The situation is similarly tough for the new liberal title Toest – an online outlet that presents a variety of perspectives on politics, society and culture. “This month we exist, next month – maybe, and after that – we really can’t know”, notes An Pham (also in an interview with me), one of the founders of the website. The organic reach of Toest’s Facebook page – its main channel of distribution – remains small, and the site relies on loyal readers to share articles on their personal profiles or go directly to the website. According to Pham, another factor that makes it hard to reach a wider audience is that Toest publishes fewer articles per day than most mainstream media, which decreases its chance of being noticed: “Before Facebook, in the good old times of blogs, people used RSS feeds, they opened them and read information purposefully. Now if a person doesn’t see a piece of information while scrolling on Facebook, you’ve lost her as a reader. Information goes down the media drain”.

Toest is exclusively funded by readers’ donations and it refuses to sponsor posts and to target its audience as if it were offering a commercial product. Rejecting Facebook’s logic of operation, while using it as a main channel of distribution, reveals the unavoidability and dependency on the platform despite recent scandals around its data practices and its role in the diffusion of “fake news”. Facebook’s monopoly on online distribution combined with the recent News Feed changes makes the establishment of new media brands extremely difficult.

Why algorithmic solutions to “fake news” won’t do the job

Algorithmic solutions throw the quality citizen media baby out with the fake news bathwater. The internet (and digital platforms in particular) have been expected to democratize news consumption and end the monopoly on the narrative of Western media giants. Instead the disruptive power of the internet has had a de-democratizing effect and has led to the rise of “the ever more commercial, profit-seeking media seeking clicks and eyeballs at the expense of nuance, depth and on-the-ground reporting.” The rise of fake news is related to the strong (and often justified) mistrust in media and institutions of large sections of the population that feel let down and left behind. Such deep political and structural causes of fake news can be countered not only by profoundly rethinking the profession of journalism and returning to higher quality standards, but also by rethinking how democracy currently functions. Algorithmically decreasing the reach of all public media content will not solve this problem in any meaningful way.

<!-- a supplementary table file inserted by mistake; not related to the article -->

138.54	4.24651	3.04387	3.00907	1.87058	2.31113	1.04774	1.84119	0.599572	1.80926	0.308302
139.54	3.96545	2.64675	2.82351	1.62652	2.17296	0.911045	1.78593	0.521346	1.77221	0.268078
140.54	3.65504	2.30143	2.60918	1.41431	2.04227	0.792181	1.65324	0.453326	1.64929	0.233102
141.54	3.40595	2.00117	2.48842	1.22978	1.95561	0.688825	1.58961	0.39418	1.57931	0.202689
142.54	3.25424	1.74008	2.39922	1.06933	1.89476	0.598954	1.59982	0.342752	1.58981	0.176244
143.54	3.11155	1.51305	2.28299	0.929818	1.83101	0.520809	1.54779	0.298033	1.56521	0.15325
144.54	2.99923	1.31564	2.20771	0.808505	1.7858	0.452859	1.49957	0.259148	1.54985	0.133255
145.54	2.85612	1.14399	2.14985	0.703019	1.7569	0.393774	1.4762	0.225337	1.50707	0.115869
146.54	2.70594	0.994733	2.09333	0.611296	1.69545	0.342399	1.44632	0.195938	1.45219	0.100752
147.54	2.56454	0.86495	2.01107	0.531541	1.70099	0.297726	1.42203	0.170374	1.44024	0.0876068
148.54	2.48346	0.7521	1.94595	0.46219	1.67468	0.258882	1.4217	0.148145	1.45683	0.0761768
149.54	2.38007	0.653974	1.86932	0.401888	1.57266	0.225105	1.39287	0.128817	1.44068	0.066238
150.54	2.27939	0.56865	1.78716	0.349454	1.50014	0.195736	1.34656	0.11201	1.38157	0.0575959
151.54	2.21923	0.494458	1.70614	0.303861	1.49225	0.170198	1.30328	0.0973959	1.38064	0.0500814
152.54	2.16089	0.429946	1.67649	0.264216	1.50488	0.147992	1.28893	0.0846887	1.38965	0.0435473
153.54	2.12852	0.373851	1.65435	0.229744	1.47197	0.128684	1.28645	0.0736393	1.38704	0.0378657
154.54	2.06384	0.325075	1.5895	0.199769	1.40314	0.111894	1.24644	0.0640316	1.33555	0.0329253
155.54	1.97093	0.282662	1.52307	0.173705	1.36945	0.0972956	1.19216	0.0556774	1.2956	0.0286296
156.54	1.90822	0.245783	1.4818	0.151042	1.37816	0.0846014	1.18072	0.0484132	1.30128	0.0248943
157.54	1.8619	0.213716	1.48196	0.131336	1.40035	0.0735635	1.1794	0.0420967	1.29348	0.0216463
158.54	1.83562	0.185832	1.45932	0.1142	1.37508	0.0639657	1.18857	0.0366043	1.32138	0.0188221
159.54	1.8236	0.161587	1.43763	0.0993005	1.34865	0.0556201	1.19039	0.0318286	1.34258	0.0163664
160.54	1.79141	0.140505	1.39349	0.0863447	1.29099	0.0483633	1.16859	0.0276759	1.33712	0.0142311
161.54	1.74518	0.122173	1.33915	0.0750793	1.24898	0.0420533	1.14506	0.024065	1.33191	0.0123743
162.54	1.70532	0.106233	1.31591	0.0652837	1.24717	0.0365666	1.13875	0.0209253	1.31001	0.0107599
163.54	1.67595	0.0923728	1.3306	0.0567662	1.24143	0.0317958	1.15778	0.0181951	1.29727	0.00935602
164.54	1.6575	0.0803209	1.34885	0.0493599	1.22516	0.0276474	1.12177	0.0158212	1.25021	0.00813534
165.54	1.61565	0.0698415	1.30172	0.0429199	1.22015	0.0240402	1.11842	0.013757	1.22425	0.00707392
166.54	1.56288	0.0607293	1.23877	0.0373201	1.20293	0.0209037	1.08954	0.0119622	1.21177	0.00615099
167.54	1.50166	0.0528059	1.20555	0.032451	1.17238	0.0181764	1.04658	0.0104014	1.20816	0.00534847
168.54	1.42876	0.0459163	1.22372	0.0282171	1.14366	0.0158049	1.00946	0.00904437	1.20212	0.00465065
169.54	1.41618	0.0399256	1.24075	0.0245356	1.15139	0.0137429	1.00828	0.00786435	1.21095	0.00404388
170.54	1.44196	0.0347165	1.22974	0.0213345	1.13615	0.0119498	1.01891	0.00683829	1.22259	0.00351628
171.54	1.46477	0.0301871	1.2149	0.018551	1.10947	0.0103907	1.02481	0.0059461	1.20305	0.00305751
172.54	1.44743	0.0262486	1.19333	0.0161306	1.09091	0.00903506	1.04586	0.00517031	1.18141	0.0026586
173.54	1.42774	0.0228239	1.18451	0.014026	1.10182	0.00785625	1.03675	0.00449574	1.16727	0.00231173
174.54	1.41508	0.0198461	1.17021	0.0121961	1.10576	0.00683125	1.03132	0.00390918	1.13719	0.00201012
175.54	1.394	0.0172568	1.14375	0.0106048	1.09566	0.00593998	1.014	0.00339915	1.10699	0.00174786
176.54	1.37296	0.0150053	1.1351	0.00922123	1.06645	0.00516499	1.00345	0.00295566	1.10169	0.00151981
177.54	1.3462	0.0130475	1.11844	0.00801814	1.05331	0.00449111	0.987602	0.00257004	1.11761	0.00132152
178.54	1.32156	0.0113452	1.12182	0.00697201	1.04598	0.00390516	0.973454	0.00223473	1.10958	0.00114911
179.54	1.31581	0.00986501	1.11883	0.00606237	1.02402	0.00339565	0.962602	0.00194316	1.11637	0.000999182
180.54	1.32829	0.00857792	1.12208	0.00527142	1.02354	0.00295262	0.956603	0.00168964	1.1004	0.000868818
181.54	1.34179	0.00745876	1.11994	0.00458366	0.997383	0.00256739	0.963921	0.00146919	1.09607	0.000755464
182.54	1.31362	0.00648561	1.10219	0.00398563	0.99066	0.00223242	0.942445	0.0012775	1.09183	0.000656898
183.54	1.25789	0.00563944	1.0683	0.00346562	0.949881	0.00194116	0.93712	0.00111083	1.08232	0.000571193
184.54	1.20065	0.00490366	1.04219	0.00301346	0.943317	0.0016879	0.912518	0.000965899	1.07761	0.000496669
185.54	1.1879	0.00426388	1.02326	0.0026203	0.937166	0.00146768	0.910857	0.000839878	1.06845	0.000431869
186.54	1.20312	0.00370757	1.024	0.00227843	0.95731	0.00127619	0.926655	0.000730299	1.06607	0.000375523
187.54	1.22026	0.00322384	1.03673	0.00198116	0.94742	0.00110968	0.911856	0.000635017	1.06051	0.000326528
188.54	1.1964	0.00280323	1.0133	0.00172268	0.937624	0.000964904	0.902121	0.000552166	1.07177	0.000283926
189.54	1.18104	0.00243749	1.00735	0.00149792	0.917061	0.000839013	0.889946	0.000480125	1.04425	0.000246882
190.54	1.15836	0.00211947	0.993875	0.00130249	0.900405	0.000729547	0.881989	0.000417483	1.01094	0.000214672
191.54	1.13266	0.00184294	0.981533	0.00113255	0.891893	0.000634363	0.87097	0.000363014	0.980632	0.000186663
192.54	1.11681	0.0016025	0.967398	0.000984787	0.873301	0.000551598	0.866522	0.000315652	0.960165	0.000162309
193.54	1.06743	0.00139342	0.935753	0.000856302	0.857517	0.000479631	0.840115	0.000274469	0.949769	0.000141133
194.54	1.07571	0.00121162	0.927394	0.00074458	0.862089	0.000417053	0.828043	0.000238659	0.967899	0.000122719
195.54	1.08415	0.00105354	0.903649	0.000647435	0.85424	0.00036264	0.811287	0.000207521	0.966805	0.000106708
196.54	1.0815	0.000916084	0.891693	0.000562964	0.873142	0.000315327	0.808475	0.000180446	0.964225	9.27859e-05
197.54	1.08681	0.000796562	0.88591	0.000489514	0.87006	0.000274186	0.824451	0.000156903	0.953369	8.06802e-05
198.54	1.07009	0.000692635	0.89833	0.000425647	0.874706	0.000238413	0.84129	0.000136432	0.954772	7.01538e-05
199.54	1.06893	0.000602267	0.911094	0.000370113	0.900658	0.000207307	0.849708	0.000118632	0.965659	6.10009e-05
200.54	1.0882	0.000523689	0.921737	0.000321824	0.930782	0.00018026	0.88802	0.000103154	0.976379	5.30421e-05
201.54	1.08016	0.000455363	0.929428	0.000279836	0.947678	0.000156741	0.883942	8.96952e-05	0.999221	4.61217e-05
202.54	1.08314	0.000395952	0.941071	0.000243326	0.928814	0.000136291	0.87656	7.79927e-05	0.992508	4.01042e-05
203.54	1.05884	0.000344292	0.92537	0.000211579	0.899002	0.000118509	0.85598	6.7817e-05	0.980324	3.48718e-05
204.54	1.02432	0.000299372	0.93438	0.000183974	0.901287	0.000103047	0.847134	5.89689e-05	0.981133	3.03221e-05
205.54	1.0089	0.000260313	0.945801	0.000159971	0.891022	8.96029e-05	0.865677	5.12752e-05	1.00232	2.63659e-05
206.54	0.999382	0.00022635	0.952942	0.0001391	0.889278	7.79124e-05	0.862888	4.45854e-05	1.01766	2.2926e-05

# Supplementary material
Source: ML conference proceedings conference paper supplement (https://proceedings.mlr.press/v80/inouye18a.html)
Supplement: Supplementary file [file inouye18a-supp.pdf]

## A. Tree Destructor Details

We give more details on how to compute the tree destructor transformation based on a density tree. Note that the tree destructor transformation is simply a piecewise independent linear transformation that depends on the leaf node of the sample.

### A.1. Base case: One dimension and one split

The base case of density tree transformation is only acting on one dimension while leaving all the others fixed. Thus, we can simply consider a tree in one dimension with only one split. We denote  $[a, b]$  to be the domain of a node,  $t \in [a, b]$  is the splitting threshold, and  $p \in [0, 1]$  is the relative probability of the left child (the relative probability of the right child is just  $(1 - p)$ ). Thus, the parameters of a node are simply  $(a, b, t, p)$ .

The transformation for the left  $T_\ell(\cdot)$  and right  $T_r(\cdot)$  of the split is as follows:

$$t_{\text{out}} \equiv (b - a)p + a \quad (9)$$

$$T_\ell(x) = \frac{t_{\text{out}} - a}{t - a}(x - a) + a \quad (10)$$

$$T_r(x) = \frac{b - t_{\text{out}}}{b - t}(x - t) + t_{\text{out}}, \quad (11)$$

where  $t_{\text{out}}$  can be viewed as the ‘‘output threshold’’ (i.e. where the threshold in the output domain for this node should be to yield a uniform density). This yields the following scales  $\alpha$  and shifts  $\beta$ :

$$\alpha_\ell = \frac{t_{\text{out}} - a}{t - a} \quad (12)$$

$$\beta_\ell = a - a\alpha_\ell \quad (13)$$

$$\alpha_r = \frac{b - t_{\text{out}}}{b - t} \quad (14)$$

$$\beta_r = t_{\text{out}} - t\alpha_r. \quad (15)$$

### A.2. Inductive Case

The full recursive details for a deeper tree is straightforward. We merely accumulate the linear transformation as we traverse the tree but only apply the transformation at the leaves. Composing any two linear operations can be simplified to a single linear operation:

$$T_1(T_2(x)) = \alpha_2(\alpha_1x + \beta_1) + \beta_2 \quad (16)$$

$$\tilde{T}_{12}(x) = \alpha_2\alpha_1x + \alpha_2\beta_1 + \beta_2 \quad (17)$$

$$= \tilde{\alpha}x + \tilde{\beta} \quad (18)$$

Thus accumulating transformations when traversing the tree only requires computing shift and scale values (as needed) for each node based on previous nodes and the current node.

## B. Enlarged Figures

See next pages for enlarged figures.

The absurdity of large-scale automated approaches has become especially evident in light of recent reports that Twitter is automatically banning Bulgarian accounts, treating them as Russian bots due to the use of the Cyrillic alphabet. What is more, prominent Bulgarian journalists and bloggers have been arbitrarily blocked on Facebook with little chance of establishing contact with the platform and appealing the decision. More sensitivity to context and content is crucial if platforms want to avoid censoring independent media that struggle to provide good journalism in increasingly hostile environments.

Such sensitivity, however, requires a lot of resources and a radical change of the approach and business model of social media giants. This seems highly unlikely. Algorithmic solutions to problems of media content are the solutions of platforms that want to change without actually changing at all. As global media transformations play out in the Bulgarian context, independent citizen media often become the collateral damage.

This article gives the views of the author and does not represent the position of the LSE Media Policy Project blog, nor of the London School of Economics and Political Science.